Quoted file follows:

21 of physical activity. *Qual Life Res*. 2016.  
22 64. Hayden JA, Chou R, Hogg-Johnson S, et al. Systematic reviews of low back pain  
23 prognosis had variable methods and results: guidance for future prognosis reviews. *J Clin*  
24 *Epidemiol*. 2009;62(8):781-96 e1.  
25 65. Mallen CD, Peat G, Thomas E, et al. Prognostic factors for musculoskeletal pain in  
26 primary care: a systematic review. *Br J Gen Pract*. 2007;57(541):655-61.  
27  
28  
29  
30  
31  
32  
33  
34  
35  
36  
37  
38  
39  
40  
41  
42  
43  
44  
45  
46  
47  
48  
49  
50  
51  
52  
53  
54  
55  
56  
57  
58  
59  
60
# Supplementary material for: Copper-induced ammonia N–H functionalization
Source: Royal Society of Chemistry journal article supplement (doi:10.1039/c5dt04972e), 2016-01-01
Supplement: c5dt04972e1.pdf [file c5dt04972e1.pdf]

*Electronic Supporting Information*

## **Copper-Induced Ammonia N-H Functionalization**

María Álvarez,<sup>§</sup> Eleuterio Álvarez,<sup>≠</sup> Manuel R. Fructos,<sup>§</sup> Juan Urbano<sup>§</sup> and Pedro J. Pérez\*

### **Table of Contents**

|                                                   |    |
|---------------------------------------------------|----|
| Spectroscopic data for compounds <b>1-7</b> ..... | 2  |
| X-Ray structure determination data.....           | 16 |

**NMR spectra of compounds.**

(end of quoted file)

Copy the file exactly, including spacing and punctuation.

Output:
21 of physical activity. *Qual Life Res*. 2016.  
22 64. Hayden JA, Chou R, Hogg-Johnson S, et al. Systematic reviews of low back pain  
23 prognosis had variable methods and results: guidance for future prognosis reviews. *J Clin*  
24 *Epidemiol*. 2009;62(8):781-96 e1.  
25 65. Mallen CD, Peat G, Thomas E, et al. Prognostic factors for musculoskeletal pain in  
26 primary care: a systematic review. *Br J Gen Pract*. 2007;57(541):655-61.  
27  
28  
29  
30  
31  
32  
33  
34  
35  
36  
37  
38  
39  
40  
41  
42  
43  
44  
45  
46  
47  
48  
49  
50  
51  
52  
53  
54  
55  
56  
57  
58  
59  
60
# Supplementary material for: Copper-induced ammonia N–H functionalization
Source: Royal Society of Chemistry journal article supplement (doi:10.1039/c5dt04972e), 2016-01-01
Supplement: c5dt04972e1.pdf [file c5dt04972e1.pdf]

*Electronic Supporting Information*

## **Copper-Induced Ammonia N-H Functionalization**

María Álvarez,<sup>§</sup> Eleuterio Álvarez,<sup>≠</sup> Manuel R. Fructos,<sup>§</sup> Juan Urbano<sup>§</sup> and Pedro J. Pérez\*

### **Table of Contents**

|                                                   |    |
|---------------------------------------------------|----|
| Spectroscopic data for compounds <b>1-7</b> ..... | 2  |
| X-Ray structure determination data.....           | 16 |

**NMR spectra of compounds.**